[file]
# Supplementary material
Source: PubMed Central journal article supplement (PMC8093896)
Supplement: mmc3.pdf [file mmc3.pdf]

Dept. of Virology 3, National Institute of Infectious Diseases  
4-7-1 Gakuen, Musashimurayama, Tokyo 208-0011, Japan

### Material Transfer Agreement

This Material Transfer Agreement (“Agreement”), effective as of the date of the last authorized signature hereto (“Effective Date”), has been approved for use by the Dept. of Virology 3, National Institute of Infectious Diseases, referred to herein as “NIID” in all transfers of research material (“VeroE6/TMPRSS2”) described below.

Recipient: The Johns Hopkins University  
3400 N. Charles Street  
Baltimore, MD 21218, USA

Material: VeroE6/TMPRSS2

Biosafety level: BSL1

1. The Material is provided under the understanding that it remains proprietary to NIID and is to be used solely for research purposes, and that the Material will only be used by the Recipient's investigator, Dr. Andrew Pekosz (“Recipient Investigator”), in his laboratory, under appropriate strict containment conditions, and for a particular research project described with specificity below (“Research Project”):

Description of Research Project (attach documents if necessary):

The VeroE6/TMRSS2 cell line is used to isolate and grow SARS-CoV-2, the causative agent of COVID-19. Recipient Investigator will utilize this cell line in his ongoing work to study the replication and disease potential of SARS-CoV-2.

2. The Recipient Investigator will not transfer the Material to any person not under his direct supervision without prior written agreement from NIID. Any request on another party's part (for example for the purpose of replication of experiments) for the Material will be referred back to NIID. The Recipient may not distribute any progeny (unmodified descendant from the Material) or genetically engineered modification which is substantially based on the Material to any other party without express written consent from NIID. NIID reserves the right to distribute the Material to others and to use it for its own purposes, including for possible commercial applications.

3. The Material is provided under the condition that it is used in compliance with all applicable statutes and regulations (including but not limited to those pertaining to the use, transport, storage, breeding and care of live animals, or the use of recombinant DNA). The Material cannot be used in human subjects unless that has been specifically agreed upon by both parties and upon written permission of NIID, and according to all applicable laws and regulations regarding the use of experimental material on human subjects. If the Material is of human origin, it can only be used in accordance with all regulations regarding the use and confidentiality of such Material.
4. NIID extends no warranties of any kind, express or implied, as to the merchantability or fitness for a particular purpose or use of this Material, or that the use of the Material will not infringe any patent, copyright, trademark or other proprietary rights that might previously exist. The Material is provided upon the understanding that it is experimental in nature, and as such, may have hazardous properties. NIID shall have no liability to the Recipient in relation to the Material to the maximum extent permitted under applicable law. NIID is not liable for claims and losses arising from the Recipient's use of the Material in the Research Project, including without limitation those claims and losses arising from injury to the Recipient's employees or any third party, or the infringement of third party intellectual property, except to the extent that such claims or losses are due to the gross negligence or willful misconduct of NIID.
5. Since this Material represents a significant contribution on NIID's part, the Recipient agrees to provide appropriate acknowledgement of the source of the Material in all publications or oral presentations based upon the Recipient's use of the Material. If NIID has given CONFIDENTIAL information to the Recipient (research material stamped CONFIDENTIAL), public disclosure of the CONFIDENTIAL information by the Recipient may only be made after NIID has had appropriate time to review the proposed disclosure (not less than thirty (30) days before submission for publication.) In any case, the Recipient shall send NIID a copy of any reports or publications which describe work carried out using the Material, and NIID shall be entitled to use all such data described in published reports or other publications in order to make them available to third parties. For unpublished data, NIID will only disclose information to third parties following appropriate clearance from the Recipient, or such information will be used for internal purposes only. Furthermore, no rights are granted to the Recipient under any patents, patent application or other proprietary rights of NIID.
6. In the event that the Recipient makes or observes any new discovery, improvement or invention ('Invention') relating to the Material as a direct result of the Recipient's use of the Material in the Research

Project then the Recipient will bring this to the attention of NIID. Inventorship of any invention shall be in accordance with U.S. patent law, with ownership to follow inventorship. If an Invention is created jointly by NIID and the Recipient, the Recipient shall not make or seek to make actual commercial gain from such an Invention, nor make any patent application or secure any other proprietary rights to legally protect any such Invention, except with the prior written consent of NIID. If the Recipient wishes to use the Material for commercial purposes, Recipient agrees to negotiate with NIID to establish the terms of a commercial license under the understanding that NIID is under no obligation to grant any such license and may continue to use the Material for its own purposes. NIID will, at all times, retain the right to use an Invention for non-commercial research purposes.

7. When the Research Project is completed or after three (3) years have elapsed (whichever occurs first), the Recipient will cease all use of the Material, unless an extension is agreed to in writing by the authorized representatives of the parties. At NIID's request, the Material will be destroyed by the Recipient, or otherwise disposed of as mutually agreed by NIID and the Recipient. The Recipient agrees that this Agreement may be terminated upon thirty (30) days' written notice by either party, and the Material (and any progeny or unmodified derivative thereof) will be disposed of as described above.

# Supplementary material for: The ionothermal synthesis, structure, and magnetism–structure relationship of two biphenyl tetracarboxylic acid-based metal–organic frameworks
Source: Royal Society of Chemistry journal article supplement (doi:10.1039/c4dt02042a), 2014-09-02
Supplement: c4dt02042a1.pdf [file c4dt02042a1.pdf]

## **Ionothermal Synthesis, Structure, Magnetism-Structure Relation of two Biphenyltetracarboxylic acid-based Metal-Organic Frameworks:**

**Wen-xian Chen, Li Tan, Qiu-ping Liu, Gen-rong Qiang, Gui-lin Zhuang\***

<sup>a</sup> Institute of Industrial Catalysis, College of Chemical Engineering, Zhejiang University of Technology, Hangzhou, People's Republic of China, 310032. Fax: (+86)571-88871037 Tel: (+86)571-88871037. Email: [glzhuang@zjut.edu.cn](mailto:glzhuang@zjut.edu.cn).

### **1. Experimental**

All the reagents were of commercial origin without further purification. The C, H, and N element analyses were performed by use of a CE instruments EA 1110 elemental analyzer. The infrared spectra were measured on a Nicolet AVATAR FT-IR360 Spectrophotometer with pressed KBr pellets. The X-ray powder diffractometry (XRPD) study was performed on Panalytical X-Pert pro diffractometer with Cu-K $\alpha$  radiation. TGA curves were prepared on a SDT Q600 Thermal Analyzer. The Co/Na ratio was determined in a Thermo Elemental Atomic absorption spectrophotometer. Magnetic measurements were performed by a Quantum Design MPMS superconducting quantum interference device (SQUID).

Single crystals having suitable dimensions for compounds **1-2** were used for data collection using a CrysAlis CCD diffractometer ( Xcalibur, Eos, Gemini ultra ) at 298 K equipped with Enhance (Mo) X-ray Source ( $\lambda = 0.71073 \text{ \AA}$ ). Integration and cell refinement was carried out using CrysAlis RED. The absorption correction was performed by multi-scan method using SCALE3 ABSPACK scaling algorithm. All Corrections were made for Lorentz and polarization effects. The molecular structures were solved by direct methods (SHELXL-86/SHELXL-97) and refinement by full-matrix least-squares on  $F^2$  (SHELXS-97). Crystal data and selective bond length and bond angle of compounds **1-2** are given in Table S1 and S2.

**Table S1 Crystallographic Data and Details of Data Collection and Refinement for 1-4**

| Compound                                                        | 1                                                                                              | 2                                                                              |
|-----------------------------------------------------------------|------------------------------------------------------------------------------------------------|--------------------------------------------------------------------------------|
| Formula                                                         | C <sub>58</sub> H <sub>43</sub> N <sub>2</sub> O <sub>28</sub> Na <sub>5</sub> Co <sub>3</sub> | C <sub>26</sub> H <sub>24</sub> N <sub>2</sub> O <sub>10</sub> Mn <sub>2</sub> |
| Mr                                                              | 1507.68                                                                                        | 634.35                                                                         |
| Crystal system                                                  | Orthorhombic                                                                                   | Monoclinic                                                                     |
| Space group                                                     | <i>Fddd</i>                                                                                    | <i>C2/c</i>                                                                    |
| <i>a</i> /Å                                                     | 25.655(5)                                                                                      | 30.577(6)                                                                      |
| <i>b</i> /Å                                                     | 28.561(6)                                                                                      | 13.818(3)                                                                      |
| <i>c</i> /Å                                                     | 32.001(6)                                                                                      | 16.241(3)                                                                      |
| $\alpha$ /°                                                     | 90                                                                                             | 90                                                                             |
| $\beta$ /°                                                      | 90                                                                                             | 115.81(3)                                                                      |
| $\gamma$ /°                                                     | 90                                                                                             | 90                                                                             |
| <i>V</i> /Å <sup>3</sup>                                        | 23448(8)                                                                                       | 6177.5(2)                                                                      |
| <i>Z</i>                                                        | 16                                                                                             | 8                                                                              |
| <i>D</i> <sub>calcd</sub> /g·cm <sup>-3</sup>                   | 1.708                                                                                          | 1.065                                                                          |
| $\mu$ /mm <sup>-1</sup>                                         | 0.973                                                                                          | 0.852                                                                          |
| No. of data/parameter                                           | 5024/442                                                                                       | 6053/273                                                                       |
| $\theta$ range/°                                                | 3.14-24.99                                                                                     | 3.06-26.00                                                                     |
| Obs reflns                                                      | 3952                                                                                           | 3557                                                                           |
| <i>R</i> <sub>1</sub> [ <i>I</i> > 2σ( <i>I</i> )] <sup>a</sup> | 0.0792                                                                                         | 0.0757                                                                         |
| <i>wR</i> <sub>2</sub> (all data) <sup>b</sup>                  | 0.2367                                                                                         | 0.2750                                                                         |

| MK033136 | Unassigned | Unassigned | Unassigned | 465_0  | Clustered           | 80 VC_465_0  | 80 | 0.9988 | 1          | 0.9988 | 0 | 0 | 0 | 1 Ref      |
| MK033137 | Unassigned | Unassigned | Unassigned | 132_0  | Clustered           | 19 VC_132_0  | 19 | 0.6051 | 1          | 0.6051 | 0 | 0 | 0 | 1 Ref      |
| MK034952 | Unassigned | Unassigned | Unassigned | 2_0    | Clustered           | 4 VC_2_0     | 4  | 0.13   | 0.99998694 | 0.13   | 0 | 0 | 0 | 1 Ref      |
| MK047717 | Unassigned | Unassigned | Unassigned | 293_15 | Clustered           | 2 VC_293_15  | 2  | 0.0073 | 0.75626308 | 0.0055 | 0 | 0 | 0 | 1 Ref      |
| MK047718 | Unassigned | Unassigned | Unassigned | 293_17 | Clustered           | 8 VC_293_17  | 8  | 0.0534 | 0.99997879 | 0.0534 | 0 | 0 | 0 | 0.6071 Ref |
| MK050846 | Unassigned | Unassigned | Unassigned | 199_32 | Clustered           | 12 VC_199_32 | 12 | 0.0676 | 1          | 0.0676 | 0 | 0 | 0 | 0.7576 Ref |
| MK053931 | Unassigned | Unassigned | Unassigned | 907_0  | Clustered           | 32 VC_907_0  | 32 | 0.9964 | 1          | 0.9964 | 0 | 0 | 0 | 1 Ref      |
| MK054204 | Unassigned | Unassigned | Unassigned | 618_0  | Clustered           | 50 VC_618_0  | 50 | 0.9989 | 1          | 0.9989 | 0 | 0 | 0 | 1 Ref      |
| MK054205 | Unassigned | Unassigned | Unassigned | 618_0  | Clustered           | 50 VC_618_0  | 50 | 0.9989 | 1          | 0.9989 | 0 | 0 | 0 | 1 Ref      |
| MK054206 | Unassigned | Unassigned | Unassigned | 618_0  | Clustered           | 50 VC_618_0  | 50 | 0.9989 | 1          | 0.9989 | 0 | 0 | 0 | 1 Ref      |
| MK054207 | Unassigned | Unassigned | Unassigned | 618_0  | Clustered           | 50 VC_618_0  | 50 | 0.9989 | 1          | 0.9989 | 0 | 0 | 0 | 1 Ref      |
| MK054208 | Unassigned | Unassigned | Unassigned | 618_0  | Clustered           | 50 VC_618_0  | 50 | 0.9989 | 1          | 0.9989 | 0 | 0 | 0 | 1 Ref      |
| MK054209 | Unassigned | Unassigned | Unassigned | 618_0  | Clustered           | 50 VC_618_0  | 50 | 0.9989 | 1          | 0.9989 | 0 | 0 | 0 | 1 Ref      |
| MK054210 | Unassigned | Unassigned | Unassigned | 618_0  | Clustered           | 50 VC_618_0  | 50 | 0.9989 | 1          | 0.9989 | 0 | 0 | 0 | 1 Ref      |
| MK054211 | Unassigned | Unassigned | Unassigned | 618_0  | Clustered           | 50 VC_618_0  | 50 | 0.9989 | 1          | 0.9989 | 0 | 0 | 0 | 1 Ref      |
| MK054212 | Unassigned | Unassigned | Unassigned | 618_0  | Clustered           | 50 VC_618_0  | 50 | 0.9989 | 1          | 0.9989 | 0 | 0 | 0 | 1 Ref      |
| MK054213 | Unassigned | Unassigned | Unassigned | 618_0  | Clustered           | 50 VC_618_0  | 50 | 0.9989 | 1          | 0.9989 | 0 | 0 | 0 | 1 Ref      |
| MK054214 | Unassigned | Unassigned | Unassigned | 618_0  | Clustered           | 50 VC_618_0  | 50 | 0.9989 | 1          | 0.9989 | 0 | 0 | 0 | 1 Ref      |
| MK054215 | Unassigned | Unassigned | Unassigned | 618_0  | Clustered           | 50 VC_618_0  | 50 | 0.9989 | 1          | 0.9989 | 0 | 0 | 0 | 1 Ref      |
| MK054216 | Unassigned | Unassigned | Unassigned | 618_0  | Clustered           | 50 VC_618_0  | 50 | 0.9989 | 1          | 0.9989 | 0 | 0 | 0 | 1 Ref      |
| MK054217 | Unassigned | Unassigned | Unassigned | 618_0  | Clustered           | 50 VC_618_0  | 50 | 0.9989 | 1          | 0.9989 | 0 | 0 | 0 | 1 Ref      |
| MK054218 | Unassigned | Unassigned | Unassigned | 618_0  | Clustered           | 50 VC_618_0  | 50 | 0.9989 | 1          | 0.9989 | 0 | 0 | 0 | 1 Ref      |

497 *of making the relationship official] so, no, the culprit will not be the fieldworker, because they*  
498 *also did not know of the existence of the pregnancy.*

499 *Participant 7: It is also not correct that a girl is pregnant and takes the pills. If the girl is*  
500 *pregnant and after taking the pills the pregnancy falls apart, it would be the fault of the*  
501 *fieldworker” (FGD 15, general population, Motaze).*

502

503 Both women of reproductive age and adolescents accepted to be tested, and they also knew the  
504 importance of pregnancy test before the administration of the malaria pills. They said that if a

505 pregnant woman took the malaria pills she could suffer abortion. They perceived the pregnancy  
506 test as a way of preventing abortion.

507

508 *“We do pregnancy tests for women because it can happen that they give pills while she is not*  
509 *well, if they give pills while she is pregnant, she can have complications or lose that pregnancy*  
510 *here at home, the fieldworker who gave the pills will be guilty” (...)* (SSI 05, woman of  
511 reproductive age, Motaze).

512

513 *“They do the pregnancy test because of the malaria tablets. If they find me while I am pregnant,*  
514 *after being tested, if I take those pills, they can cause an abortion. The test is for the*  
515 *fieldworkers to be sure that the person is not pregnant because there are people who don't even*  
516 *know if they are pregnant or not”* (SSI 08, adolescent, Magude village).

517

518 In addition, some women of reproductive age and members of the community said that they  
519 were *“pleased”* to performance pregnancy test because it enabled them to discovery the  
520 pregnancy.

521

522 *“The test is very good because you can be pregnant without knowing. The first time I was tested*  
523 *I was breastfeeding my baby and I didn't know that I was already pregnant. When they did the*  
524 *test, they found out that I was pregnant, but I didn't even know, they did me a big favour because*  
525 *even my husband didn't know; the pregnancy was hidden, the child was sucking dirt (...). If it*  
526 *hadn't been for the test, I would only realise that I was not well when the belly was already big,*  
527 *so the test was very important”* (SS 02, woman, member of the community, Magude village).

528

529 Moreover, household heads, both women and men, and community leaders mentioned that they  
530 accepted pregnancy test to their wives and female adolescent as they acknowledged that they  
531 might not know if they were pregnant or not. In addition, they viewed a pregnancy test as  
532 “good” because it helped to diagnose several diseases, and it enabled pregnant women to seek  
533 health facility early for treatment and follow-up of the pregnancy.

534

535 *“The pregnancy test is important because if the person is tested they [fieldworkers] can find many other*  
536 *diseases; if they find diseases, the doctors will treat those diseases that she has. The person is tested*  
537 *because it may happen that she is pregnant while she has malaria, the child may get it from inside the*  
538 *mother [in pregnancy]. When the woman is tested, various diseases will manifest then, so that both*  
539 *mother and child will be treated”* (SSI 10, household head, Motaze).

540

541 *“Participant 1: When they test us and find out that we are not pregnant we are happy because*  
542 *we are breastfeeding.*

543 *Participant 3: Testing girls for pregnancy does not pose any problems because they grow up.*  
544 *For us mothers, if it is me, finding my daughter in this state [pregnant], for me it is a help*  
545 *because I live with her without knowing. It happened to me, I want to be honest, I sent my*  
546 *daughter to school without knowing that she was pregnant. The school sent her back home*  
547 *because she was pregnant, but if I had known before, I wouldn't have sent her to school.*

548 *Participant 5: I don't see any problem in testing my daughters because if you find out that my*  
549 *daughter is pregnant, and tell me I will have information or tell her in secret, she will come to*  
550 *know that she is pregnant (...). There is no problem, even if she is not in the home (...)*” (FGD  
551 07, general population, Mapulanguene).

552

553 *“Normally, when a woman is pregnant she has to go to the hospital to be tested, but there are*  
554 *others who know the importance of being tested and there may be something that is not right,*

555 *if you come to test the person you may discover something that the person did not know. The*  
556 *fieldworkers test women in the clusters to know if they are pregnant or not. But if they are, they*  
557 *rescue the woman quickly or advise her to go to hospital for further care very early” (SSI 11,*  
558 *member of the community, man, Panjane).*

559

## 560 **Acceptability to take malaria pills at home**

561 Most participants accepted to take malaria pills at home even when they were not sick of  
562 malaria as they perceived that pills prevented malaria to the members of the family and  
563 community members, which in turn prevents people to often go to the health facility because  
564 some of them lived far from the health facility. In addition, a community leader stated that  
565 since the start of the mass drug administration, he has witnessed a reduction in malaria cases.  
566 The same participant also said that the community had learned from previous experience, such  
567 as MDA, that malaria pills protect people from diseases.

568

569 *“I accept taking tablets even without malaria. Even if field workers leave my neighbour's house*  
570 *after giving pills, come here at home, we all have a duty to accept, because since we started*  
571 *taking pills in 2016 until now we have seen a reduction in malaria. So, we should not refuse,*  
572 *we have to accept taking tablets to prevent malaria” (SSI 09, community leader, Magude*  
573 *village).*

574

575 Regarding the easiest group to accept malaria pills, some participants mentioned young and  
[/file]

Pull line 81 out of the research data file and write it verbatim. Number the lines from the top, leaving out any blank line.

502